Election

Why Some Arizonans' Can Vote in Federal but Not State or Local Elections

August 25, 2014
 

Tuesday's primary election is a busy one for voters, with a six-way Republican contest for governor, a two-way race for the GOP nomination for attorney general and a bevy of other statewide, legislative and local races.

But for up to 1,500 Arizona voters, the ballot will look surprisingly short: They will have just one race on which to vote.

It marks a new chapter in Arizona elections, in which the state is distinguishing between voters who showed documents proving they are U.S. citizens and those who signed a sworn statement attesting to their citizenship.

Those who provided the documents, such as an Arizona driver's license, will get the full statewide ballot, from governor to Legislature to town council.

But for those who used the federal voter-registration form, their only vote will be for a congressional candidate — assuming there is a candidate running in their party's primary. There is not a U.S. Senate or presidential race this year.

The change is expected to affect no more than 1,500 voters, probably far fewer, according to elections officials. But it will come at a sizable cost to some counties, which have to shoulder the price of printing separate ballots for the "federal only" voters.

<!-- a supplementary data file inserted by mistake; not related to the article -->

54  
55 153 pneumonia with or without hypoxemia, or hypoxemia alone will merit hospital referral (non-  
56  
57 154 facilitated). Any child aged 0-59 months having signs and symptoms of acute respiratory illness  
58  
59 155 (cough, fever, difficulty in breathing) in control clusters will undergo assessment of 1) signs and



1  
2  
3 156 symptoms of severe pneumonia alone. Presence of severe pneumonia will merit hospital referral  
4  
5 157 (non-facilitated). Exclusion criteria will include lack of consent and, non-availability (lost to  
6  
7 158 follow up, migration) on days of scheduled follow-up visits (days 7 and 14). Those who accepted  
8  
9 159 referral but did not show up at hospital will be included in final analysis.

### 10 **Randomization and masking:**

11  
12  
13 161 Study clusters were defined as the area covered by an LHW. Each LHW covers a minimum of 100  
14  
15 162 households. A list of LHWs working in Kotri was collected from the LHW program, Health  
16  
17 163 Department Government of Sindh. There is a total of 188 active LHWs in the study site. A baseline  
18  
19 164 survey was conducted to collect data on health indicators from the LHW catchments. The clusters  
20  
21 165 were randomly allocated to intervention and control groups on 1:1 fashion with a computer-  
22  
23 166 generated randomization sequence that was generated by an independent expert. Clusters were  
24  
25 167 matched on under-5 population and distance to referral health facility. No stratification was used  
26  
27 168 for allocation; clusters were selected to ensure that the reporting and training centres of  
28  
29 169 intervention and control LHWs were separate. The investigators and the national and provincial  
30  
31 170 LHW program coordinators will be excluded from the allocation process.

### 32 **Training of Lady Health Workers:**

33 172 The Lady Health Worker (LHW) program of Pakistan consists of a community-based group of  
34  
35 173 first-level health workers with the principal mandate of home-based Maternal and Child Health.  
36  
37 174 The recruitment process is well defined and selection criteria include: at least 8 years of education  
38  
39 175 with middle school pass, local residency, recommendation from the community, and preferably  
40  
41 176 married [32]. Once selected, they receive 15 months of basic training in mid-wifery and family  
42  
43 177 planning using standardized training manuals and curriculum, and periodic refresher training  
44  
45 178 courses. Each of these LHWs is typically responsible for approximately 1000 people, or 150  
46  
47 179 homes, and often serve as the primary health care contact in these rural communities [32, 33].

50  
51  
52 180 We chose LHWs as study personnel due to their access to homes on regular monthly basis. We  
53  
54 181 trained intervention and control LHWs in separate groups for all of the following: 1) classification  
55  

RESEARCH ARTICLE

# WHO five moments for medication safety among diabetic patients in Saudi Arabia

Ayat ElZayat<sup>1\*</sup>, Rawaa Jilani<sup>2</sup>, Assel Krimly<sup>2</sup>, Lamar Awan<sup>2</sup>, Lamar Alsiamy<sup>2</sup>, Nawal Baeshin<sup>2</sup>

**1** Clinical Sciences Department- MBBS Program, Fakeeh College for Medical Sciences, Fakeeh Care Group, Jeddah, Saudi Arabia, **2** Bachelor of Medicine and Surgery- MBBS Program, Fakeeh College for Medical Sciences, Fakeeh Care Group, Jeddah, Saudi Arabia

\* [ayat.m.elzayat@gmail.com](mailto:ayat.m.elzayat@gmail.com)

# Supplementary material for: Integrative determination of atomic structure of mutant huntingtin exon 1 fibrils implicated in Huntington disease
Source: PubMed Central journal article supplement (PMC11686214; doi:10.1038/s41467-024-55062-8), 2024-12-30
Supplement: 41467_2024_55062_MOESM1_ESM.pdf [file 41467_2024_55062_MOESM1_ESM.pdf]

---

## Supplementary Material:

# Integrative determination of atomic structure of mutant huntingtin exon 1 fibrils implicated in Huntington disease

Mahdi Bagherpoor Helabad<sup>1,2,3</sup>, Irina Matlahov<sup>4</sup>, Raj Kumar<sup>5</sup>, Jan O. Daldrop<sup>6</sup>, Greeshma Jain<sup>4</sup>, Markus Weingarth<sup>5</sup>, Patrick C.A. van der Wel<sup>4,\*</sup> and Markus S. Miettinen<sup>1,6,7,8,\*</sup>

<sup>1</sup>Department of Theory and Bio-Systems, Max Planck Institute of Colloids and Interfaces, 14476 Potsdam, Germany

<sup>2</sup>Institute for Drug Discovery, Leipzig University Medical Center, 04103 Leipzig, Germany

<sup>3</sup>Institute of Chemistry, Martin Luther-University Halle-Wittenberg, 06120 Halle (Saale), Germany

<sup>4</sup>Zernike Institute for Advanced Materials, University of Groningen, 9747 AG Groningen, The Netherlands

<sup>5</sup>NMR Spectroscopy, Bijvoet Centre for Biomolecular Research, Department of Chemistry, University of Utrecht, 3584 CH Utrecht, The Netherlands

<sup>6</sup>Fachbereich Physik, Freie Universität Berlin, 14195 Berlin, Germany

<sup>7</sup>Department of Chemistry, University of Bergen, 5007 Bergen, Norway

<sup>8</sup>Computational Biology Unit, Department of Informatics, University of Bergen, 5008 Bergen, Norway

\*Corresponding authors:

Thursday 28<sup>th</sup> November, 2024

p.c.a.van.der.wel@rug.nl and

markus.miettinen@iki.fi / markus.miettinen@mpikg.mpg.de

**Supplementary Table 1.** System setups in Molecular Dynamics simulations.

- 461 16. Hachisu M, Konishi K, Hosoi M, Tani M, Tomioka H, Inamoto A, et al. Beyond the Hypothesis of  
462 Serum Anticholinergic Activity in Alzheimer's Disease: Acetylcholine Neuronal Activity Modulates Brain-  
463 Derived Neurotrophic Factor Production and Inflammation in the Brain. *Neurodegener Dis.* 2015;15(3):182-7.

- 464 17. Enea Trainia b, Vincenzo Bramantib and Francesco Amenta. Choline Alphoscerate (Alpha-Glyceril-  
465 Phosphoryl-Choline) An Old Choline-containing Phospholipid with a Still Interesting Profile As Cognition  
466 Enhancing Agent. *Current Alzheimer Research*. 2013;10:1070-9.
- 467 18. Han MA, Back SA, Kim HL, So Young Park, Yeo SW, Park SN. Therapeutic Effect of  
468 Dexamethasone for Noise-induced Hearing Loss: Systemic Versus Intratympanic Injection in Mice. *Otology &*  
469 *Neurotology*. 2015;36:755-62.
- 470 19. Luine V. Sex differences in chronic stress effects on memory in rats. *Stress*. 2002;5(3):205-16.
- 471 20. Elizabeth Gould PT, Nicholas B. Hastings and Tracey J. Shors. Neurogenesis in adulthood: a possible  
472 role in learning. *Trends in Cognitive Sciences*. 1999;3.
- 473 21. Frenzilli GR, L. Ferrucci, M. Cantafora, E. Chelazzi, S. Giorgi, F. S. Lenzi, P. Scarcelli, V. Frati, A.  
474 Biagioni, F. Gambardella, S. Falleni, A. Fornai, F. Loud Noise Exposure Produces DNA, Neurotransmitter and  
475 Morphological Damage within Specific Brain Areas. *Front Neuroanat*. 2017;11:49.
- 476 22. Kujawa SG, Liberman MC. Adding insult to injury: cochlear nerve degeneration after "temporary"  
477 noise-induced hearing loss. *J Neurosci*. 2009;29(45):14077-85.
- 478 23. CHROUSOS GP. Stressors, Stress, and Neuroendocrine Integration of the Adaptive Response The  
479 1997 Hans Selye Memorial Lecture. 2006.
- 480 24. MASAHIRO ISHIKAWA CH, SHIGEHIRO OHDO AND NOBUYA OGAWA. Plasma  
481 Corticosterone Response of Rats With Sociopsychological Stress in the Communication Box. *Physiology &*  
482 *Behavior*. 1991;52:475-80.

In Maricopa County, the cost is estimated at $250,000 for both the primary and the general election.

In northern Arizona's Coconino County, the cost is $66,471 to accommodate 22 voters, according to Recorder Patty Hansen.

In Pima County, Election Director Brad Nelson said voters' experience at the polls will be "substantially different" than the last time they cast ballots.

"Visually, it will be very different," he said, noting up to 500 voters could get the ballot with only one race on it.

The so-called dual-track election is the result of a policy change that Secretary of State Ken Bennett put in place following a legal opinion last year from Attorney General Tom Horne.

It's intended to honor the will of voters statewide, who in 2004 decided Arizonans would need to show tangible proof of citizenship in order to vote.

Bennett sought legal advice after the U.S. Supreme Court in June 2013 ruled Arizona cannot demand documents proving citizenship from people who use the federal voter-registration form, saying it would infringe on federal law. That form requires people to affirm, under penalty of perjury, that they are U.S. citizens.

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